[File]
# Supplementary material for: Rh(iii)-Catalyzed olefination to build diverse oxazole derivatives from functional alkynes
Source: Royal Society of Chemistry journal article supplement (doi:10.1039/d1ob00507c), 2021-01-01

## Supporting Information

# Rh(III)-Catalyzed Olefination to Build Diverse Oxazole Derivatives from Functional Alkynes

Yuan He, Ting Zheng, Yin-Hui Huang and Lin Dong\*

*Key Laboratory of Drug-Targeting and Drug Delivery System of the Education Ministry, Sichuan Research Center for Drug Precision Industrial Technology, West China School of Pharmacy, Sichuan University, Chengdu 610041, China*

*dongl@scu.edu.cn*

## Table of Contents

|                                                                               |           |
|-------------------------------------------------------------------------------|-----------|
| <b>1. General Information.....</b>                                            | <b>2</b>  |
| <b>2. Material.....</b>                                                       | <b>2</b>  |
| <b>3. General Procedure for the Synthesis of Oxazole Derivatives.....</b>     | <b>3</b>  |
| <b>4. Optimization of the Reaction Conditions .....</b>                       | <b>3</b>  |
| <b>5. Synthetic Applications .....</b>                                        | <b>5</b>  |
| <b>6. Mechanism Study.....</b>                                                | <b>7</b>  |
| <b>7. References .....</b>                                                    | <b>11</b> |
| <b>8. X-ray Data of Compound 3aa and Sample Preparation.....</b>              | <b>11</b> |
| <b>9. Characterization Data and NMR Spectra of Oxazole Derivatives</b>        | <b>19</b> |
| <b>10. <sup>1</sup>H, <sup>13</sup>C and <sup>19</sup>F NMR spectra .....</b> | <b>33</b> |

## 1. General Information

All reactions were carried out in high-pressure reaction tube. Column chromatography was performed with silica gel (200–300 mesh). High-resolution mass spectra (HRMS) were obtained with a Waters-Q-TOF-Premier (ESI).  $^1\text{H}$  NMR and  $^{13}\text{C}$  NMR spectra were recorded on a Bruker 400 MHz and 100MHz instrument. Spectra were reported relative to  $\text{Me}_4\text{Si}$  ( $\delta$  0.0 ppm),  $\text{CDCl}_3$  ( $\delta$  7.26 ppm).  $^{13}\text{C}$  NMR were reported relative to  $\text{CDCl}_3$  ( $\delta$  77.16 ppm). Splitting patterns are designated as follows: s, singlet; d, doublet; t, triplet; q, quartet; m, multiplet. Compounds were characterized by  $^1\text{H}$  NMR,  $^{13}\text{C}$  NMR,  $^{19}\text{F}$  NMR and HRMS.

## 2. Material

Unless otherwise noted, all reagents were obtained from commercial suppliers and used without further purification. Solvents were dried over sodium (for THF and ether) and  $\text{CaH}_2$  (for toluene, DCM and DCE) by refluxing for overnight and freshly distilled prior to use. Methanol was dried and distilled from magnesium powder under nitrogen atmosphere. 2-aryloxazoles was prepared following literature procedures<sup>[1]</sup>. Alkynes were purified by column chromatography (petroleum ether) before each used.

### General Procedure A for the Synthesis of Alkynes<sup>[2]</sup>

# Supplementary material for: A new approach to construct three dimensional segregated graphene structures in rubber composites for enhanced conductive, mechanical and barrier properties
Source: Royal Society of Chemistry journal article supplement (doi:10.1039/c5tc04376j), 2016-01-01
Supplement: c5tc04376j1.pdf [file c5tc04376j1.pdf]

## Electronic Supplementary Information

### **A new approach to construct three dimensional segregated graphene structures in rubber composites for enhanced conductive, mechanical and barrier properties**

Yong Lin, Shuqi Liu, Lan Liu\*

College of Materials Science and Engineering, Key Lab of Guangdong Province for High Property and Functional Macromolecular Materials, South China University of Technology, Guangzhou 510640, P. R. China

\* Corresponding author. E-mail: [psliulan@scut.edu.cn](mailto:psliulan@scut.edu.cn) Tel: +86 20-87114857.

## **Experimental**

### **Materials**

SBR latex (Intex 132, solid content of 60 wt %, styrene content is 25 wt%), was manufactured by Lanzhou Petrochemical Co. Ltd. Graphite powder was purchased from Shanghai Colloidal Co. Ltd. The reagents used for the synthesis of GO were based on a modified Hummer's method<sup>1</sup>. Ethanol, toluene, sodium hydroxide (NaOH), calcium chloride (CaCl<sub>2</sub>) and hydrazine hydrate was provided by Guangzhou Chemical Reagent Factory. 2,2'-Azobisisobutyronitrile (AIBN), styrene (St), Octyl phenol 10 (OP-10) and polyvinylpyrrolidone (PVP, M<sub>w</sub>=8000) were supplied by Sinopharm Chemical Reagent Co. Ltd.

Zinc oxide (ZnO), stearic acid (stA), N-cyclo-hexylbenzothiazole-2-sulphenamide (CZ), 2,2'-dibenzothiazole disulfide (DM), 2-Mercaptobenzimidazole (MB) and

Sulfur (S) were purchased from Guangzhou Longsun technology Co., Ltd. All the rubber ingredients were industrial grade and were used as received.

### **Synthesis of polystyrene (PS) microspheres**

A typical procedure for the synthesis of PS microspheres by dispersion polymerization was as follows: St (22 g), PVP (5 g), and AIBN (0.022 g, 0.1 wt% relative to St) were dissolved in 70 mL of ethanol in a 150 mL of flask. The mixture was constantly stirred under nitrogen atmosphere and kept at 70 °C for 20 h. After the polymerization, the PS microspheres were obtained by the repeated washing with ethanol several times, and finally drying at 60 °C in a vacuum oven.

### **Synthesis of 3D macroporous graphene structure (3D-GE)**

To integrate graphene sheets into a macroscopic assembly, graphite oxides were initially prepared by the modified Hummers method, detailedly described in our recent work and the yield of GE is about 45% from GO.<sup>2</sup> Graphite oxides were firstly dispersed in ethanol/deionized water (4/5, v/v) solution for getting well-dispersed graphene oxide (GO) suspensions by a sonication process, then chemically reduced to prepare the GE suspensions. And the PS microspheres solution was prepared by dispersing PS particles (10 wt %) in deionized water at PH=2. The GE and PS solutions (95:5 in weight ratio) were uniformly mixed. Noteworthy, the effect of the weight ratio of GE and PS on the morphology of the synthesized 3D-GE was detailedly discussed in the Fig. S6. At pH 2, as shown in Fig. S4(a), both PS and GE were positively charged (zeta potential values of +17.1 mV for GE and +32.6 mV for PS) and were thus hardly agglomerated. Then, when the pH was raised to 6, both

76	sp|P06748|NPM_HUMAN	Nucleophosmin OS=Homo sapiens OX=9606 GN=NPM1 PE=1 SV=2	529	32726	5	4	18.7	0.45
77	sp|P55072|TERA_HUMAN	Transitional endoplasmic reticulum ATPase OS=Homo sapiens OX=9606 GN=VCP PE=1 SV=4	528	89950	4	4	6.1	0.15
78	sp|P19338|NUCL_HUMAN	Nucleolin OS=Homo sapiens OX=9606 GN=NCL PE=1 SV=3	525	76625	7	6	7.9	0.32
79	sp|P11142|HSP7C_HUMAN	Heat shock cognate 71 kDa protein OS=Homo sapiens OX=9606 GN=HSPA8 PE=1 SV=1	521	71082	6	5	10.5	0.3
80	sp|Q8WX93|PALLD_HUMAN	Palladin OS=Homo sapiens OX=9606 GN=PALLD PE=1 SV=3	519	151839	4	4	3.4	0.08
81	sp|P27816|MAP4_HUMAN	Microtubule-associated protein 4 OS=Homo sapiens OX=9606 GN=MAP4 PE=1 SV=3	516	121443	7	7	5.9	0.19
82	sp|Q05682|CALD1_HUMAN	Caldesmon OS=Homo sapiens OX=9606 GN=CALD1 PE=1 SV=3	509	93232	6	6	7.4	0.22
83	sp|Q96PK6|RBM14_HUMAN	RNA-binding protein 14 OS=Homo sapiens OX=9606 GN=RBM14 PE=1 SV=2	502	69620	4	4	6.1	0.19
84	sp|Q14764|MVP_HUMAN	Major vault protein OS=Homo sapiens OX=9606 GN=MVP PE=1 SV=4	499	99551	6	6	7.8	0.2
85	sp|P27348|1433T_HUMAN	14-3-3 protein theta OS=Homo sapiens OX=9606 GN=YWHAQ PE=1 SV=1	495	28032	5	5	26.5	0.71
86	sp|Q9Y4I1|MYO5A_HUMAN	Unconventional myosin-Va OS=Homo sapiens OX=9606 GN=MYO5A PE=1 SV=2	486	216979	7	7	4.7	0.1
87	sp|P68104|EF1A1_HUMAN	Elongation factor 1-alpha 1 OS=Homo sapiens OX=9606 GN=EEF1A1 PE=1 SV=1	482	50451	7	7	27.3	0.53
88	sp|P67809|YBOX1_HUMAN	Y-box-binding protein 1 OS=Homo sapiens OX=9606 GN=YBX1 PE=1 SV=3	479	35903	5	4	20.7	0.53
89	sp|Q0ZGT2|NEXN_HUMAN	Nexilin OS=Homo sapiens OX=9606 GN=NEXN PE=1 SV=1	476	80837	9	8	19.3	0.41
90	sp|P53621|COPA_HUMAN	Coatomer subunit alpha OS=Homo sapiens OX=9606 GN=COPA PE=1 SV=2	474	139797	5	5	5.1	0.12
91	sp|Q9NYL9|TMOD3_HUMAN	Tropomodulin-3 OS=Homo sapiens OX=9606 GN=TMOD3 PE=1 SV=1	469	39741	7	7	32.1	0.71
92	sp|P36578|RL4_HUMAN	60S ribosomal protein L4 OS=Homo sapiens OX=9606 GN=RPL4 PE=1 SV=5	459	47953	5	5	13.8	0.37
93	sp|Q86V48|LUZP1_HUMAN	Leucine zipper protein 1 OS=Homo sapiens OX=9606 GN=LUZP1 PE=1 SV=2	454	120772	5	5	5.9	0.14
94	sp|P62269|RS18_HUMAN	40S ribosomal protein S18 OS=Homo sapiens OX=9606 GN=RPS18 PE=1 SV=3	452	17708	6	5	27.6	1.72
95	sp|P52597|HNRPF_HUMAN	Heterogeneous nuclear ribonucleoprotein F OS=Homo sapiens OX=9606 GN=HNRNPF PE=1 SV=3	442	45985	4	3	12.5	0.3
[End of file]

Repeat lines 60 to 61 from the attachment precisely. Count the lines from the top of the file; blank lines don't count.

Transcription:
93	sp|Q86V48|LUZP1_HUMAN	Leucine zipper protein 1 OS=Homo sapiens OX=9606 GN=LUZP1 PE=1 SV=2	454	120772	5	5	5.9	0.14
94	sp|P62269|RS18_HUMAN	40S ribosomal protein S18 OS=Homo sapiens OX=9606 GN=RPS18 PE=1 SV=3	452	17708	6	5	27.6	1.72